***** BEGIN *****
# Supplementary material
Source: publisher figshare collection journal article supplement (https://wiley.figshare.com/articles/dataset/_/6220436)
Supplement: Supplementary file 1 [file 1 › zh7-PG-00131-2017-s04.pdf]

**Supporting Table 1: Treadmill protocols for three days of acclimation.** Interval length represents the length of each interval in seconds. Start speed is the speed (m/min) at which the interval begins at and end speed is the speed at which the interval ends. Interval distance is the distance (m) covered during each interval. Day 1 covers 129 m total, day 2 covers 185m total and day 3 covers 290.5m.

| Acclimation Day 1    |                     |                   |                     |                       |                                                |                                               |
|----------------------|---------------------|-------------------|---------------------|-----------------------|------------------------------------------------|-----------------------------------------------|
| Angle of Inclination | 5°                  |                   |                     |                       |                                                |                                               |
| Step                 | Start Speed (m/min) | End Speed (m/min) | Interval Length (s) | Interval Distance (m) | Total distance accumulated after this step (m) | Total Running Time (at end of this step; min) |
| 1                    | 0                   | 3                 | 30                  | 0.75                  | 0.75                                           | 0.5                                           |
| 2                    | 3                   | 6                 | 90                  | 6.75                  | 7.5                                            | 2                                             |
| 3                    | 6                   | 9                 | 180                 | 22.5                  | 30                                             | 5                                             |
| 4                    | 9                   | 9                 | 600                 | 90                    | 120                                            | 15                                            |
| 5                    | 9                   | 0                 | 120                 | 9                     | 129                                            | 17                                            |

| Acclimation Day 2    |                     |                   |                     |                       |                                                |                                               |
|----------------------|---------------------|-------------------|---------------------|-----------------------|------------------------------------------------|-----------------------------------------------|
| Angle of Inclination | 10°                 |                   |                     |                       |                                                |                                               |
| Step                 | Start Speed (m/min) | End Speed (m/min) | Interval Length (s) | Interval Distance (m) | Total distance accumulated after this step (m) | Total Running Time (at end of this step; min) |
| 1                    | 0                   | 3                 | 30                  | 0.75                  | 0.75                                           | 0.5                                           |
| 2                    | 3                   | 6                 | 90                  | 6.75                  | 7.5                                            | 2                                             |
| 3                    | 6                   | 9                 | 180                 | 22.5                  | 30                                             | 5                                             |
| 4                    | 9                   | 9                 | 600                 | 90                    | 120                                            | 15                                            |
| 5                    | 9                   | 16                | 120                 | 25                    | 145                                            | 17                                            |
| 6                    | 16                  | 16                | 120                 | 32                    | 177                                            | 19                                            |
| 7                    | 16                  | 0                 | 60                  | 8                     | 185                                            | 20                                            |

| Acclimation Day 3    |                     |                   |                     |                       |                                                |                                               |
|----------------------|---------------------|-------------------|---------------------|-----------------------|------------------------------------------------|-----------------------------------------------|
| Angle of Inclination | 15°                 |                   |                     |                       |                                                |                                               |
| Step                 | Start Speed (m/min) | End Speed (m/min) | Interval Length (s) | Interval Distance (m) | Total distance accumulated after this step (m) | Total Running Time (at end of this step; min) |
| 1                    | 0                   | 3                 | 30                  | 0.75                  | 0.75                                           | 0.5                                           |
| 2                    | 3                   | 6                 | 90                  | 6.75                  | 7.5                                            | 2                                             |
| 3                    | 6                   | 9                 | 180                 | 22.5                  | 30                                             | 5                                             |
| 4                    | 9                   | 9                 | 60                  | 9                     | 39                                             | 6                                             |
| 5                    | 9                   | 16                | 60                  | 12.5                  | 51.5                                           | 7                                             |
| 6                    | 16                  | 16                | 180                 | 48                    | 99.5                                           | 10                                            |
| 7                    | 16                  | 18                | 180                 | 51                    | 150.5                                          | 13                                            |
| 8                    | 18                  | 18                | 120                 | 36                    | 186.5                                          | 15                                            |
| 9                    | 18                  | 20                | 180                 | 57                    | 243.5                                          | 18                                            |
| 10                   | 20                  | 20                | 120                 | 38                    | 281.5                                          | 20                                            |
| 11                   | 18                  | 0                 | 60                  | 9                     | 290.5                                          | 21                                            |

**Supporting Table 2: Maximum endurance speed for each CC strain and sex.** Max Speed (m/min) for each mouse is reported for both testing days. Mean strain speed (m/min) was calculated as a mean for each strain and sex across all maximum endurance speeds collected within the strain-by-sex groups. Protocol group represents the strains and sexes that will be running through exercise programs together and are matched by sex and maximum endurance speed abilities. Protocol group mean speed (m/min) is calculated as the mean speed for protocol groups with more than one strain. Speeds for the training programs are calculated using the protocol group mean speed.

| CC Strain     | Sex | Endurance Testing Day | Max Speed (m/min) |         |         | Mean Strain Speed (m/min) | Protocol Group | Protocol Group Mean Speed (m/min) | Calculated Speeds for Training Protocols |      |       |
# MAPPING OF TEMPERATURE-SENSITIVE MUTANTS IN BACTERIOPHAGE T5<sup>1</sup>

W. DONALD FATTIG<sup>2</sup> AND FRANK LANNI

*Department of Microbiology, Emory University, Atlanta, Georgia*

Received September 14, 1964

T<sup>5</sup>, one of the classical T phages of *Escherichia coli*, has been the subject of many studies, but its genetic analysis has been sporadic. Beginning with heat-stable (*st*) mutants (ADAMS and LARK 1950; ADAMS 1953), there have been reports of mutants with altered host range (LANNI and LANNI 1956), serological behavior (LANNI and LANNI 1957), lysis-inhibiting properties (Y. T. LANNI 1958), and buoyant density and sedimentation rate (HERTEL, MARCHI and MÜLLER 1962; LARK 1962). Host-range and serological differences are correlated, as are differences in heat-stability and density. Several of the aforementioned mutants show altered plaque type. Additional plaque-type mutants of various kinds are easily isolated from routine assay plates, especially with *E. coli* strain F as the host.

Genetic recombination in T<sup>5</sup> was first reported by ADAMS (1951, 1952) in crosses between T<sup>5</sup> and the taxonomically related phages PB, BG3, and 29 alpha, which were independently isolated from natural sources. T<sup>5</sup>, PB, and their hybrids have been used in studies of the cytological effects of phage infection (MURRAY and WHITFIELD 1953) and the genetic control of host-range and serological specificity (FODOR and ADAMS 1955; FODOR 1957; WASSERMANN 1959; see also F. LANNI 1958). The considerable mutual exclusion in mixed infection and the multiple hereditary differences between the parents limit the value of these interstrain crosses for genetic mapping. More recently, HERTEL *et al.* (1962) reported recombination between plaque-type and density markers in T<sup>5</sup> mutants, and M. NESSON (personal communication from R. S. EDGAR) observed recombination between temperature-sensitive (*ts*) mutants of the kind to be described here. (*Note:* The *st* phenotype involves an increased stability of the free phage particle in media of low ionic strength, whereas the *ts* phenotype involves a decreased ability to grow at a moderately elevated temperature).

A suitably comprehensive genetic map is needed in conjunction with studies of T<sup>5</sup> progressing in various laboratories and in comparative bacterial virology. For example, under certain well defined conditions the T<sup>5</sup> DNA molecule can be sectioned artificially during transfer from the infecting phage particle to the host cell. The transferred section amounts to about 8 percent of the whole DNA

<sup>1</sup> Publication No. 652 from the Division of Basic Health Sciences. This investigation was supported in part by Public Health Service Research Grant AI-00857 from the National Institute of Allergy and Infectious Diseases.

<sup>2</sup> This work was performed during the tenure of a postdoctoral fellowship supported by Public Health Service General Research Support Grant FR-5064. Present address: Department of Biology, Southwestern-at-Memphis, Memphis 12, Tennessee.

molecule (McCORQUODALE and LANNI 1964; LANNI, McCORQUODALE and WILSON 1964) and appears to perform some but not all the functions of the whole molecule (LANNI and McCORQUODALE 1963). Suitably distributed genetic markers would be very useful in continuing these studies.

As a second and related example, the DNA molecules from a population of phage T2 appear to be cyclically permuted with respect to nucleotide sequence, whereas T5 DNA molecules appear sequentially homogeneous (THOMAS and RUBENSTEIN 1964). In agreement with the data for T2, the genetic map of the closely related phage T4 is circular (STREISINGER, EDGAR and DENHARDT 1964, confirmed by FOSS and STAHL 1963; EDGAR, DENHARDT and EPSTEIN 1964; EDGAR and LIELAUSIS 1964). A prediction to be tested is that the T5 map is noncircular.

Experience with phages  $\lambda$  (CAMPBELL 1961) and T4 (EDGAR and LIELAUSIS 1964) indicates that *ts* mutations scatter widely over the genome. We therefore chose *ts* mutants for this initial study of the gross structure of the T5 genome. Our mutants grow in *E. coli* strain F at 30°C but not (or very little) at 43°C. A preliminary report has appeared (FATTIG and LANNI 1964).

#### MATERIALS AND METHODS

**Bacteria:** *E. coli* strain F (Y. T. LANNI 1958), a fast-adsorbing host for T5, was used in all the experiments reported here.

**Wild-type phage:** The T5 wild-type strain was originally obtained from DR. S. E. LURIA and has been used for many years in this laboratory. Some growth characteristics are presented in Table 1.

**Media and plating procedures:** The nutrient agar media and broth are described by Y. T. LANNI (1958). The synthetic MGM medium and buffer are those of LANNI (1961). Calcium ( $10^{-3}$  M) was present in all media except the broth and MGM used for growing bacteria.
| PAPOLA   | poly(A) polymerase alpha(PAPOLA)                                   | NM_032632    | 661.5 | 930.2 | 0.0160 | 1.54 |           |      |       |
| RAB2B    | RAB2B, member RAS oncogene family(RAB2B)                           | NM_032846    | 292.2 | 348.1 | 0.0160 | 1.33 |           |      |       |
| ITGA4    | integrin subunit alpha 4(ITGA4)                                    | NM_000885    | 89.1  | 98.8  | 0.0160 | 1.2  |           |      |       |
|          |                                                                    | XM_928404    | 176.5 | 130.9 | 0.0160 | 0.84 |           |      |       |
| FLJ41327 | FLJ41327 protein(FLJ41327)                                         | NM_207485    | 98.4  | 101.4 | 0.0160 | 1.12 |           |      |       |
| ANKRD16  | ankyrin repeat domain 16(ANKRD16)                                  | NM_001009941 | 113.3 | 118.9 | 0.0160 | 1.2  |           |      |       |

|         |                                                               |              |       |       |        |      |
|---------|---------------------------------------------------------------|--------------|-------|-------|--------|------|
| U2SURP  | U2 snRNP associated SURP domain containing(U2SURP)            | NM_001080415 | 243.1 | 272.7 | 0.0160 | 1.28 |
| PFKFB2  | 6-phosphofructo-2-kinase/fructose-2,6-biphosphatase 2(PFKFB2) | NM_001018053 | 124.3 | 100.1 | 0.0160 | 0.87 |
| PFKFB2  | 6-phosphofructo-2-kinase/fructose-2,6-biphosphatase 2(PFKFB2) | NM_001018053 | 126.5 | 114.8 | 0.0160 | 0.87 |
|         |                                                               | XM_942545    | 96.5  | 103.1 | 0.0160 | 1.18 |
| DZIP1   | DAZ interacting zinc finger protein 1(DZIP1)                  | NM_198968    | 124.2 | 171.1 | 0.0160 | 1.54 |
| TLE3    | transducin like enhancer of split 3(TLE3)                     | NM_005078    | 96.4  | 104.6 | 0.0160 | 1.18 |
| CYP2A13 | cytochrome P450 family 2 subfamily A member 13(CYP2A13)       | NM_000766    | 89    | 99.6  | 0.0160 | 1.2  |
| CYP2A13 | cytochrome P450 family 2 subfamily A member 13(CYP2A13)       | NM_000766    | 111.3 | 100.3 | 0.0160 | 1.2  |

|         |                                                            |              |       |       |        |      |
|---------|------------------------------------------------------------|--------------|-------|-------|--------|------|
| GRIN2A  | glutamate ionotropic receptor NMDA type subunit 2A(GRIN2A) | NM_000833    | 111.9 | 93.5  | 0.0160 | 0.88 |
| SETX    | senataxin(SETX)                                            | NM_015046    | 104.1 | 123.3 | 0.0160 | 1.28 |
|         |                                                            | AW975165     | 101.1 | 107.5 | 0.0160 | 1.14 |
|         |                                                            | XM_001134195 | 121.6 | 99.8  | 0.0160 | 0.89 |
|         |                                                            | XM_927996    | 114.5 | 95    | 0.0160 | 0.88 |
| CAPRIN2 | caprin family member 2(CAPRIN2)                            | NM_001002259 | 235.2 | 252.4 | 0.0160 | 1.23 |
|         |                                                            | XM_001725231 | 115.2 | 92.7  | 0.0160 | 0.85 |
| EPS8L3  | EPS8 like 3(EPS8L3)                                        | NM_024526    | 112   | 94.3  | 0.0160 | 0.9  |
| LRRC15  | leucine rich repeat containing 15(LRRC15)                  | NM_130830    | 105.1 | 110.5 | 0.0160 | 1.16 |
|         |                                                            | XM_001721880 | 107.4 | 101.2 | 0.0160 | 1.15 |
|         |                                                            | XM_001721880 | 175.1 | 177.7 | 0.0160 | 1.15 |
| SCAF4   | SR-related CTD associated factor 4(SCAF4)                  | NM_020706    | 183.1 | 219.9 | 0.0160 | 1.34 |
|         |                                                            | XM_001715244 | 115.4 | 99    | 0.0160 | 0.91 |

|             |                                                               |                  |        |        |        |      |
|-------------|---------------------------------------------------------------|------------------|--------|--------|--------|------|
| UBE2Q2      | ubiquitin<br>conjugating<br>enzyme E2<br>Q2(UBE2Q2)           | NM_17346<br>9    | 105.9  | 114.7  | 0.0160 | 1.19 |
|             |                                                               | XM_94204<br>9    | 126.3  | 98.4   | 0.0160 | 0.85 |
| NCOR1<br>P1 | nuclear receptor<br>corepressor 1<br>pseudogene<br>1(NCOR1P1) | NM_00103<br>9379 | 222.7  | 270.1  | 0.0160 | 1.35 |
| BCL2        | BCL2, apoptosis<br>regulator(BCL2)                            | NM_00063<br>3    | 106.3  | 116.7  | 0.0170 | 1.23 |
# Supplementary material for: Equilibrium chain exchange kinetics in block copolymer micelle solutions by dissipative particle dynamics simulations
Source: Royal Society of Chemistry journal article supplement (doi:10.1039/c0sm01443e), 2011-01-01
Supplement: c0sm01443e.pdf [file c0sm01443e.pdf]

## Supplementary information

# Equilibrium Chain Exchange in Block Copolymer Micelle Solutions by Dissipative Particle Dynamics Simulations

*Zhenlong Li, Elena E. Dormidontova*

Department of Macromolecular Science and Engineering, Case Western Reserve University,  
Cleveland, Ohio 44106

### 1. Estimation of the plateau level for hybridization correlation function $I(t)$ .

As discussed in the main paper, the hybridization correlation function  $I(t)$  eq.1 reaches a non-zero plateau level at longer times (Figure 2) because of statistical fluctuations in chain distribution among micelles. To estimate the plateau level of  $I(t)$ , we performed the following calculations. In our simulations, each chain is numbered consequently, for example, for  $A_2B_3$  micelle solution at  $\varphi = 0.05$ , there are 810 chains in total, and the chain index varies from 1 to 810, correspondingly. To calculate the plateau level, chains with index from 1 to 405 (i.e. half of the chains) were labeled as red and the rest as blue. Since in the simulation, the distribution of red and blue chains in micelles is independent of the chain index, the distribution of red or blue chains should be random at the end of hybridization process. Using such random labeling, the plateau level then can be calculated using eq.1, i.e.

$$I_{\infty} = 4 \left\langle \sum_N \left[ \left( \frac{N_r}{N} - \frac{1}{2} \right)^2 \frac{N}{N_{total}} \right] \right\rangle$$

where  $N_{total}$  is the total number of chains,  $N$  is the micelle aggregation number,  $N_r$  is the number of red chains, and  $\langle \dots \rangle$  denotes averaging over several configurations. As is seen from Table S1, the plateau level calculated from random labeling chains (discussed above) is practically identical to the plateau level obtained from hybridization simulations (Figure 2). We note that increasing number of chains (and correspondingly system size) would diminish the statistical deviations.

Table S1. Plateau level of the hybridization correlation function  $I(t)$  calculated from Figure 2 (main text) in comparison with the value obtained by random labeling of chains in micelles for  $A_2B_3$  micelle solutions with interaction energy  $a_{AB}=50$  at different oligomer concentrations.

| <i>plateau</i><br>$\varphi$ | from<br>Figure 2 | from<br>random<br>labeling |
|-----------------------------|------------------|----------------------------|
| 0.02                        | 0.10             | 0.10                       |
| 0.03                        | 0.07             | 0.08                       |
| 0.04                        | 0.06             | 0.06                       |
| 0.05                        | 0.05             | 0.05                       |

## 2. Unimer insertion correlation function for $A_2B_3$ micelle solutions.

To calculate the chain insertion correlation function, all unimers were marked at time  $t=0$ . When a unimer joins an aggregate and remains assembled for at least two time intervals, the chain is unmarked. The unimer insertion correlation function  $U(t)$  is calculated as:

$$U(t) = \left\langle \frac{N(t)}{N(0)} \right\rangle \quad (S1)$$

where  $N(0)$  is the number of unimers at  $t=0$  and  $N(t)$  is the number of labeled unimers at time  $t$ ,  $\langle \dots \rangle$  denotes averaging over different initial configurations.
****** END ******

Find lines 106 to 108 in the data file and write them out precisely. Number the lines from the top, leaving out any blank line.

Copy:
where  $N_{total}$  is the total number of chains,  $N$  is the micelle aggregation number,  $N_r$  is the number of red chains, and  $\langle \dots \rangle$  denotes averaging over several configurations. As is seen from Table S1, the plateau level calculated from random labeling chains (discussed above) is practically identical to the plateau level obtained from hybridization simulations (Figure 2). We note that increasing number of chains (and correspondingly system size) would diminish the statistical deviations.

Table S1. Plateau level of the hybridization correlation function  $I(t)$  calculated from Figure 2 (main text) in comparison with the value obtained by random labeling of chains in micelles for  $A_2B_3$  micelle solutions with interaction energy  $a_{AB}=50$  at different oligomer concentrations.

| <i>plateau</i><br>$\varphi$ | from<br>Figure 2 | from<br>random<br>labeling |